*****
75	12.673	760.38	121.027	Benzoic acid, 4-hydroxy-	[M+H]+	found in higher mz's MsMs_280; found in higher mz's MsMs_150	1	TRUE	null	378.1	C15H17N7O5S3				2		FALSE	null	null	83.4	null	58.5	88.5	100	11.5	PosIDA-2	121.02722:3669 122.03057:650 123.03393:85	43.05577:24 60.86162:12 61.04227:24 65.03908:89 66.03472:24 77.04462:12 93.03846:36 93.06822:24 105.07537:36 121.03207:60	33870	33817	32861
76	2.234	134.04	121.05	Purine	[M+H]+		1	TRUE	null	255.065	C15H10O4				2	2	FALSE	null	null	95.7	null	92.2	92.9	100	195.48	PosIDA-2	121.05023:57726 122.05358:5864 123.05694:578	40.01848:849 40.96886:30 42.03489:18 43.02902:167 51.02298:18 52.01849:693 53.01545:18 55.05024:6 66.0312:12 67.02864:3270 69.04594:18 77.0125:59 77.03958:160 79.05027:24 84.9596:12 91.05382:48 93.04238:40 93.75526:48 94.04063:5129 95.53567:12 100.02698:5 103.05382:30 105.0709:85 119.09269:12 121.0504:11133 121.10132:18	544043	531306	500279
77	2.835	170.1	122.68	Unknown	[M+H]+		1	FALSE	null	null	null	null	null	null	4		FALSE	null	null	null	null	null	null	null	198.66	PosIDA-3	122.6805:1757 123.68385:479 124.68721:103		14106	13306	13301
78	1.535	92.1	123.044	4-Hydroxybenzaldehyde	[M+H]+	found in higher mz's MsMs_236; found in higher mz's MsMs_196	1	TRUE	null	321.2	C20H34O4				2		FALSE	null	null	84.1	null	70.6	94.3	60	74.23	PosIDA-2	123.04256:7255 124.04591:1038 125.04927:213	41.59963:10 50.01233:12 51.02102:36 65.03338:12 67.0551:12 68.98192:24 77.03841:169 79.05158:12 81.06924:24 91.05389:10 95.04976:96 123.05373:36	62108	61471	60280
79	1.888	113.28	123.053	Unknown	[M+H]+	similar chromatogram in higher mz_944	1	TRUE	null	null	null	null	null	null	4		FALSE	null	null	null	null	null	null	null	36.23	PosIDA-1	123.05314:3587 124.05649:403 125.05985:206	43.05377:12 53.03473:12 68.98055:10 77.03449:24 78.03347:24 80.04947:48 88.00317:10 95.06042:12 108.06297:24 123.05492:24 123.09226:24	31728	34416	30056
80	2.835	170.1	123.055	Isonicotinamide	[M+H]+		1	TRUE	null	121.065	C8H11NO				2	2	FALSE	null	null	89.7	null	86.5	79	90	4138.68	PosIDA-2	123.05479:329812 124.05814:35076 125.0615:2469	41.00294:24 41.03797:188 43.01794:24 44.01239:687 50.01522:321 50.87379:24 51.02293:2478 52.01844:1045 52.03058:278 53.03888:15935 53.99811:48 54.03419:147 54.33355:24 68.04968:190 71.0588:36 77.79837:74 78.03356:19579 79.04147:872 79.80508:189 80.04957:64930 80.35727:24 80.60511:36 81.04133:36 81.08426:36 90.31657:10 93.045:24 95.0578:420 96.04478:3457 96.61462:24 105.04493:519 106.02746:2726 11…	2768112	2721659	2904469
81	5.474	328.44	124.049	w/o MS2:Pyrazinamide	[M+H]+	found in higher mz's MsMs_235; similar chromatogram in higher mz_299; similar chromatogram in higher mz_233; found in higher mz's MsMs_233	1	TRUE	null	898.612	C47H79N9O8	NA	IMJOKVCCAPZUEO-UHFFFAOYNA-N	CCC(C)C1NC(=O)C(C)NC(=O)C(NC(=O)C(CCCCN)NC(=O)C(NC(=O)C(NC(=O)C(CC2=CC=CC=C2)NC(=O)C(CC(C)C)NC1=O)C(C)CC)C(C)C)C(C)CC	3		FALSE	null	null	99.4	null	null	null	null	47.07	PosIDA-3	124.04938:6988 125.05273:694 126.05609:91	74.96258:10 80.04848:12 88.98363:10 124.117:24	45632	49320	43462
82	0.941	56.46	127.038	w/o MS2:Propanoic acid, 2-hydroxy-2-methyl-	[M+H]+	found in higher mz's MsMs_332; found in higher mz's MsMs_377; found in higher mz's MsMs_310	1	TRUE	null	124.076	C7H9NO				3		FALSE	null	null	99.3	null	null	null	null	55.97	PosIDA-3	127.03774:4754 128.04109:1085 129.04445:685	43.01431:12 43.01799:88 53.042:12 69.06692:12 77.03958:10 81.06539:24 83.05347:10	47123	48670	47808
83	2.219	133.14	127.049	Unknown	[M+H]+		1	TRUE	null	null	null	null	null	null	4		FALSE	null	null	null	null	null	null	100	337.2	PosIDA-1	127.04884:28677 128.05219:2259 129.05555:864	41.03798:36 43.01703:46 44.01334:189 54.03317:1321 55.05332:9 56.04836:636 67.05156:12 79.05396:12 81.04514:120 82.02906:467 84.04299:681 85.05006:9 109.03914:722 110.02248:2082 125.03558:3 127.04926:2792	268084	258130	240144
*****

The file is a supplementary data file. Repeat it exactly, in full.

75	12.673	760.38	121.027	Benzoic acid, 4-hydroxy-	[M+H]+	found in higher mz's MsMs_280; found in higher mz's MsMs_150	1	TRUE	null	378.1	C15H17N7O5S3				2		FALSE	null	null	83.4	null	58.5	88.5	100	11.5	PosIDA-2	121.02722:3669 122.03057:650 123.03393:85	43.05577:24 60.86162:12 61.04227:24 65.03908:89 66.03472:24 77.04462:12 93.03846:36 93.06822:24 105.07537:36 121.03207:60	33870	33817	32861
76	2.234	134.04	121.05	Purine	[M+H]+		1	TRUE	null	255.065	C15H10O4				2	2	FALSE	null	null	95.7	null	92.2	92.9	100	195.48	PosIDA-2	121.05023:57726 122.05358:5864 123.05694:578	40.01848:849 40.96886:30 42.03489:18 43.02902:167 51.02298:18 52.01849:693 53.01545:18 55.05024:6 66.0312:12 67.02864:3270 69.04594:18 77.0125:59 77.03958:160 79.05027:24 84.9596:12 91.05382:48 93.04238:40 93.75526:48 94.04063:5129 95.53567:12 100.02698:5 103.05382:30 105.0709:85 119.09269:12 121.0504:11133 121.10132:18	544043	531306	500279
77	2.835	170.1	122.68	Unknown	[M+H]+		1	FALSE	null	null	null	null	null	null	4		FALSE	null	null	null	null	null	null	null	198.66	PosIDA-3	122.6805:1757 123.68385:479 124.68721:103		14106	13306	13301
78	1.535	92.1	123.044	4-Hydroxybenzaldehyde	[M+H]+	found in higher mz's MsMs_236; found in higher mz's MsMs_196	1	TRUE	null	321.2	C20H34O4				2		FALSE	null	null	84.1	null	70.6	94.3	60	74.23	PosIDA-2	123.04256:7255 124.04591:1038 125.04927:213	41.59963:10 50.01233:12 51.02102:36 65.03338:12 67.0551:12 68.98192:24 77.03841:169 79.05158:12 81.06924:24 91.05389:10 95.04976:96 123.05373:36	62108	61471	60280
79	1.888	113.28	123.053	Unknown	[M+H]+	similar chromatogram in higher mz_944	1	TRUE	null	null	null	null	null	null	4		FALSE	null	null	null	null	null	null	null	36.23	PosIDA-1	123.05314:3587 124.05649:403 125.05985:206	43.05377:12 53.03473:12 68.98055:10 77.03449:24 78.03347:24 80.04947:48 88.00317:10 95.06042:12 108.06297:24 123.05492:24 123.09226:24	31728	34416	30056
80	2.835	170.1	123.055	Isonicotinamide	[M+H]+		1	TRUE	null	121.065	C8H11NO				2	2	FALSE	null	null	89.7	null	86.5	79	90	4138.68	PosIDA-2	123.05479:329812 124.05814:35076 125.0615:2469	41.00294:24 41.03797:188 43.01794:24 44.01239:687 50.01522:321 50.87379:24 51.02293:2478 52.01844:1045 52.03058:278 53.03888:15935 53.99811:48 54.03419:147 54.33355:24 68.04968:190 71.0588:36 77.79837:74 78.03356:19579 79.04147:872 79.80508:189 80.04957:64930 80.35727:24 80.60511:36 81.04133:36 81.08426:36 90.31657:10 93.045:24 95.0578:420 96.04478:3457 96.61462:24 105.04493:519 106.02746:2726 11…	2768112	2721659	2904469
81	5.474	328.44	124.049	w/o MS2:Pyrazinamide	[M+H]+	found in higher mz's MsMs_235; similar chromatogram in higher mz_299; similar chromatogram in higher mz_233; found in higher mz's MsMs_233	1	TRUE	null	898.612	C47H79N9O8	NA	IMJOKVCCAPZUEO-UHFFFAOYNA-N	CCC(C)C1NC(=O)C(C)NC(=O)C(NC(=O)C(CCCCN)NC(=O)C(NC(=O)C(NC(=O)C(CC2=CC=CC=C2)NC(=O)C(CC(C)C)NC1=O)C(C)CC)C(C)C)C(C)CC	3		FALSE	null	null	99.4	null	null	null	null	47.07	PosIDA-3	124.04938:6988 125.05273:694 126.05609:91	74.96258:10 80.04848:12 88.98363:10 124.117:24	45632	49320	43462
82	0.941	56.46	127.038	w/o MS2:Propanoic acid, 2-hydroxy-2-methyl-	[M+H]+	found in higher mz's MsMs_332; found in higher mz's MsMs_377; found in higher mz's MsMs_310	1	TRUE	null	124.076	C7H9NO				3		FALSE	null	null	99.3	null	null	null	null	55.97	PosIDA-3	127.03774:4754 128.04109:1085 129.04445:685	43.01431:12 43.01799:88 53.042:12 69.06692:12 77.03958:10 81.06539:24 83.05347:10	47123	48670	47808
83	2.219	133.14	127.049	Unknown	[M+H]+		1	TRUE	null	null	null	null	null	null	4		FALSE	null	null	null	null	null	null	100	337.2	PosIDA-1	127.04884:28677 128.05219:2259 129.05555:864	41.03798:36 43.01703:46 44.01334:189 54.03317:1321 55.05332:9 56.04836:636 67.05156:12 79.05396:12 81.04514:120 82.02906:467 84.04299:681 85.05006:9 109.03914:722 110.02248:2082 125.03558:3 127.04926:2792	268084	258130	240144